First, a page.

Anyone who's ever bought lettuce, whether whole or chopped, knows that it's very perishable in the refrigerator. Fortunately, detecting lettuce that has gone rotten is very easy. The appearance of brown spots, wilted leaves, and a sour aroma are some of its characteristics. Remove rotten leaves as soon as possible so they don't spread all over the lettuce. Store leftover lettuce properly in the refrigerator to make it last longer.
Method 1 of 2: Recognizing Lettuce Starting To Rot
Step 1. Look for brown or black leaves that indicate decay
Discoloration is a very clear sign. Normal lettuce is usually light green or yellow in color, although varieties like Red Coral have purple leaves. When black spots appear on the lettuce surface, the vegetable is rotten. Lettuce that has faded in color is usually sticky and smells bad.
Brown spots on lettuce are usually harmless if consumed. You can also remove the area if the rest of the lettuce is still fresh
Step 2. Throw away any sour-smelling lettuce
The fresh lettuce has almost no smell at all. You can smell the soil that was used to grow it. The lettuce that smelled bad was rotten. The scent is so strong that it's easy to spot.
The smell is so foul that you won't want to eat the lettuce, and this is accompanied by discoloration and mucus on the leaves
Step 3. Examine the lettuce leaves for shape
Fresh lettuce has a stiff and crunchy texture. Over time, the lettuce will turn soft, runny, and curly. You can recognize these changes just by looking at or touching the leaves. The leaves may not be wet, but the lettuce has started to rot as the leaves curl.
- The lettuce will curl before it turns brown. You should throw it away or use it as soon as possible.
- Lettuce that curls is safe to eat if it is not rotten. You can try soaking them in ice water for 30 minutes to restore their crispness.
Step 4. Touch the lettuce leaves to make sure they are not wet
If the leaves don't look rotten, pay attention to their texture. You may be able to see or touch the liquid on the leaves. A sticky or slippery liquid will come out of the old lettuce and indicate that it is mushy or rotten.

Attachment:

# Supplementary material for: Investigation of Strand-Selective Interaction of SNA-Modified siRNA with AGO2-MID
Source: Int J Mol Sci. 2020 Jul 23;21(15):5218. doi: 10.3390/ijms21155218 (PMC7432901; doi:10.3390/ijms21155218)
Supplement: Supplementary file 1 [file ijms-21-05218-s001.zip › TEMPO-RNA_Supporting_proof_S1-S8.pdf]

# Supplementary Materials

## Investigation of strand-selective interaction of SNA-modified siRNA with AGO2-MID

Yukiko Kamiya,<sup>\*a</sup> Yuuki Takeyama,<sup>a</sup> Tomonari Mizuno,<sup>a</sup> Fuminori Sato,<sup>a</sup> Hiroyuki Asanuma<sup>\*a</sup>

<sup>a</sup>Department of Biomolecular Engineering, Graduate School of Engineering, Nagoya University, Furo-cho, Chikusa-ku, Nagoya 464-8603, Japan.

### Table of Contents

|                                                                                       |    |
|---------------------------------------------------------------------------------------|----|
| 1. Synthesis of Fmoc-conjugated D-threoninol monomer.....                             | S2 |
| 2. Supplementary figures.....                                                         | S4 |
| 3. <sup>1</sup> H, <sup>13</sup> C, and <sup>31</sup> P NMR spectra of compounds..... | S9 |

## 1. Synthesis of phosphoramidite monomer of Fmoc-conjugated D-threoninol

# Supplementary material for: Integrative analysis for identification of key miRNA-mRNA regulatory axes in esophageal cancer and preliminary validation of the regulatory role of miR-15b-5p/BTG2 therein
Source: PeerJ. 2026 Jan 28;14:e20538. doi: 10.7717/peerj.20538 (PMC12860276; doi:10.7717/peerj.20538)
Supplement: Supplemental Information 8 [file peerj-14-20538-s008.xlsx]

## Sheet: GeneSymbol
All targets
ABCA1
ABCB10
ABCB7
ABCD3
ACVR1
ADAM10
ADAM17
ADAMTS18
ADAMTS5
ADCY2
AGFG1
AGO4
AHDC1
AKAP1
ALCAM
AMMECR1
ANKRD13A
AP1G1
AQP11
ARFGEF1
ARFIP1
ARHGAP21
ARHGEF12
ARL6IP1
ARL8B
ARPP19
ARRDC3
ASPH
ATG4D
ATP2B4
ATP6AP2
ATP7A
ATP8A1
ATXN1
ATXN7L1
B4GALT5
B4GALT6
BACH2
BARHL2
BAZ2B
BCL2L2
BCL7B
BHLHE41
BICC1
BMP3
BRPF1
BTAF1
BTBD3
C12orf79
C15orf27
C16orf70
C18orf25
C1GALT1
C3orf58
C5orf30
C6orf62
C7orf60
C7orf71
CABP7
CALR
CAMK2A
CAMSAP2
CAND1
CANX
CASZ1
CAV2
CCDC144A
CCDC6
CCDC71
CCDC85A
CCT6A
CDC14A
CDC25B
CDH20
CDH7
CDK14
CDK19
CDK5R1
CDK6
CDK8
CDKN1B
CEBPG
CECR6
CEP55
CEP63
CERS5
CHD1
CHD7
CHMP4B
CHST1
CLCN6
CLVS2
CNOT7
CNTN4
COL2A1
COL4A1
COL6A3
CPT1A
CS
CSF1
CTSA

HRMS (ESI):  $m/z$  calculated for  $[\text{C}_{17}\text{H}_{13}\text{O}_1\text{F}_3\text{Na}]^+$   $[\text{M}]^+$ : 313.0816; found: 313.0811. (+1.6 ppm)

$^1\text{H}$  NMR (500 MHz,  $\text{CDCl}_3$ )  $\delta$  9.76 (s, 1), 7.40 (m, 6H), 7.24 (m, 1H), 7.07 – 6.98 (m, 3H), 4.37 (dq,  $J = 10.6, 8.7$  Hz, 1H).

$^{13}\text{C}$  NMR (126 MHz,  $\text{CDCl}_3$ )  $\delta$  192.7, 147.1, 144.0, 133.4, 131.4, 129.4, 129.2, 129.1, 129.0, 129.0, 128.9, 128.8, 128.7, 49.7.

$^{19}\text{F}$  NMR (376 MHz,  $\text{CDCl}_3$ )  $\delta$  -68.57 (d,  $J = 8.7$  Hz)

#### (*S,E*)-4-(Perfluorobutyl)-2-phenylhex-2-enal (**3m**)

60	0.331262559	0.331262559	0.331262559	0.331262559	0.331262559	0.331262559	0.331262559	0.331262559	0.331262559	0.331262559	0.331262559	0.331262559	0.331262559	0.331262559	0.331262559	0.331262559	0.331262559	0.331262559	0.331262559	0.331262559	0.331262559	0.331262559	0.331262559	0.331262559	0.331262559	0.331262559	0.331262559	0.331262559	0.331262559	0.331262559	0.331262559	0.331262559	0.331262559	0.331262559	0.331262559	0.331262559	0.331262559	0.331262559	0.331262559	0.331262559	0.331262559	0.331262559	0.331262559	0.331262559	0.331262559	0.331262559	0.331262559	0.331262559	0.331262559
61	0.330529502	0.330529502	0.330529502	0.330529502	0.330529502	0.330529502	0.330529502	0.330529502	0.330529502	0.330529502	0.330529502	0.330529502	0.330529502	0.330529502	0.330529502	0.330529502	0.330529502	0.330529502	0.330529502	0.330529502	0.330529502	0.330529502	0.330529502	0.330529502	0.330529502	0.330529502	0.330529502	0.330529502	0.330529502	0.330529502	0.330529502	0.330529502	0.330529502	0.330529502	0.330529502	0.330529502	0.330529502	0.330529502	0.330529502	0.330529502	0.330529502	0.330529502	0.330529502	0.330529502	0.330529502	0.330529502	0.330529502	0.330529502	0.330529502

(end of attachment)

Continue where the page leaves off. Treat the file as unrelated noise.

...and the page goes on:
Even though the wet leaves may still be safe to eat, they don't taste as delicious. The leaves will feel mushy when they are curled
Step 5. Discard any bags of lettuce that look bloated or wet
You can't smell or touch the lettuce before opening the bag, but you can see some signs of spoilage. The bag will swell due to the liquid that comes out of the leaves. You may see puddles of water gathering in the bag.
- Water creates an ideal breeding ground for bacteria and fungi. So, don't eat the lettuce.
- You may be able to see brown spots in the bag of rotten lettuce. You can also try opening the pouch. Lettuce will smell bad and disgusting when it's spoiled.
Step 6. Taste the lettuce to make sure it is not sour
Find the part of the lettuce that looks safe to eat and take a small bite. You know the fresh, juicy taste of lettuce that is still good. Lettuce that has been spoiled will taste like rotten lettuce. The taste is so strong, sour, and pungent that it makes you want to throw up.
Don't eat lettuce that has gone sour. Throw away the vegetables as soon as possible
Method 2 of 2: Storing Lettuce Properly
Step 1. Store the lettuce whole without cutting it
Whole lettuce tends to last longer than cut lettuce. You don't have to do anything to save it. Leave the vegetables whole, then store in a cool, dry place in the refrigerator. Whole lettuce can last up to 10 days this way.